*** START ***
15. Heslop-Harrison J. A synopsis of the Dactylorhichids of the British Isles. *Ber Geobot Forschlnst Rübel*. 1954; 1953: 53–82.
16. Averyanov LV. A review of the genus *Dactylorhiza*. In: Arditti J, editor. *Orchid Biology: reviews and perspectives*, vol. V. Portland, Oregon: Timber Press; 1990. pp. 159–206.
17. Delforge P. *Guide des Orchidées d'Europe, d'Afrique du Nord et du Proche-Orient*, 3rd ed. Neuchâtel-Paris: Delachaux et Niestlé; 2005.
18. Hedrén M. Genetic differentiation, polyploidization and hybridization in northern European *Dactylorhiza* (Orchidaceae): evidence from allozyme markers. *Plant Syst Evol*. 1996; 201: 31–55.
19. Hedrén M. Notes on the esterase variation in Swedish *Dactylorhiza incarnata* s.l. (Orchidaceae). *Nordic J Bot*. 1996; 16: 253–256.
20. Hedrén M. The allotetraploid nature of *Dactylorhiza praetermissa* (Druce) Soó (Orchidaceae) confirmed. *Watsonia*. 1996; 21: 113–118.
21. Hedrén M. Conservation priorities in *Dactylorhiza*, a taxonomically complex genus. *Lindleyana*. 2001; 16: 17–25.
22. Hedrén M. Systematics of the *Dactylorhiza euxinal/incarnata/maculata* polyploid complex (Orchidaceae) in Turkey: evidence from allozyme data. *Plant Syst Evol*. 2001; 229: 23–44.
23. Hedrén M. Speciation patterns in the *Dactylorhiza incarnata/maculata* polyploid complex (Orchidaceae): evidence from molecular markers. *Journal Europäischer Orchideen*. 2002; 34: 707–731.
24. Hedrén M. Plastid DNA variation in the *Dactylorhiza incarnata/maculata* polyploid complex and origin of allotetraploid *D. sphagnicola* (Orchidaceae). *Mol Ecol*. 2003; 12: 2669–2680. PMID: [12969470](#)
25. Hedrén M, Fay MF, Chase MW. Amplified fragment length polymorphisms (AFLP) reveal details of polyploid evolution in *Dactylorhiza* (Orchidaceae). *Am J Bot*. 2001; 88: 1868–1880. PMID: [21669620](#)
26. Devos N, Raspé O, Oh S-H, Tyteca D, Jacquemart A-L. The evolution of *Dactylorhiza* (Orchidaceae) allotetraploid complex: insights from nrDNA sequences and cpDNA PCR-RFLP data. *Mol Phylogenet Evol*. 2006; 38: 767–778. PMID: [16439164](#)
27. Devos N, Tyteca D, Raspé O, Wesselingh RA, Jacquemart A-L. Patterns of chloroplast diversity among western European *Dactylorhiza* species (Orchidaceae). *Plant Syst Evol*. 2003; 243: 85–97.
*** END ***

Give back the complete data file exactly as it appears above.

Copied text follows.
15. Heslop-Harrison J. A synopsis of the Dactylorhichids of the British Isles. *Ber Geobot Forschlnst Rübel*. 1954; 1953: 53–82.
16. Averyanov LV. A review of the genus *Dactylorhiza*. In: Arditti J, editor. *Orchid Biology: reviews and perspectives*, vol. V. Portland, Oregon: Timber Press; 1990. pp. 159–206.
17. Delforge P. *Guide des Orchidées d'Europe, d'Afrique du Nord et du Proche-Orient*, 3rd ed. Neuchâtel-Paris: Delachaux et Niestlé; 2005.
18. Hedrén M. Genetic differentiation, polyploidization and hybridization in northern European *Dactylorhiza* (Orchidaceae): evidence from allozyme markers. *Plant Syst Evol*. 1996; 201: 31–55.
19. Hedrén M. Notes on the esterase variation in Swedish *Dactylorhiza incarnata* s.l. (Orchidaceae). *Nordic J Bot*. 1996; 16: 253–256.
20. Hedrén M. The allotetraploid nature of *Dactylorhiza praetermissa* (Druce) Soó (Orchidaceae) confirmed. *Watsonia*. 1996; 21: 113–118.
21. Hedrén M. Conservation priorities in *Dactylorhiza*, a taxonomically complex genus. *Lindleyana*. 2001; 16: 17–25.
22. Hedrén M. Systematics of the *Dactylorhiza euxinal/incarnata/maculata* polyploid complex (Orchidaceae) in Turkey: evidence from allozyme data. *Plant Syst Evol*. 2001; 229: 23–44.
23. Hedrén M. Speciation patterns in the *Dactylorhiza incarnata/maculata* polyploid complex (Orchidaceae): evidence from molecular markers. *Journal Europäischer Orchideen*. 2002; 34: 707–731.
24. Hedrén M. Plastid DNA variation in the *Dactylorhiza incarnata/maculata* polyploid complex and origin of allotetraploid *D. sphagnicola* (Orchidaceae). *Mol Ecol*. 2003; 12: 2669–2680. PMID: [12969470](#)
25. Hedrén M, Fay MF, Chase MW. Amplified fragment length polymorphisms (AFLP) reveal details of polyploid evolution in *Dactylorhiza* (Orchidaceae). *Am J Bot*. 2001; 88: 1868–1880. PMID: [21669620](#)
26. Devos N, Raspé O, Oh S-H, Tyteca D, Jacquemart A-L. The evolution of *Dactylorhiza* (Orchidaceae) allotetraploid complex: insights from nrDNA sequences and cpDNA PCR-RFLP data. *Mol Phylogenet Evol*. 2006; 38: 767–778. PMID: [16439164](#)
27. Devos N, Tyteca D, Raspé O, Wesselingh RA, Jacquemart A-L. Patterns of chloroplast diversity among western European *Dactylorhiza* species (Orchidaceae). *Plant Syst Evol*. 2003; 243: 85–97.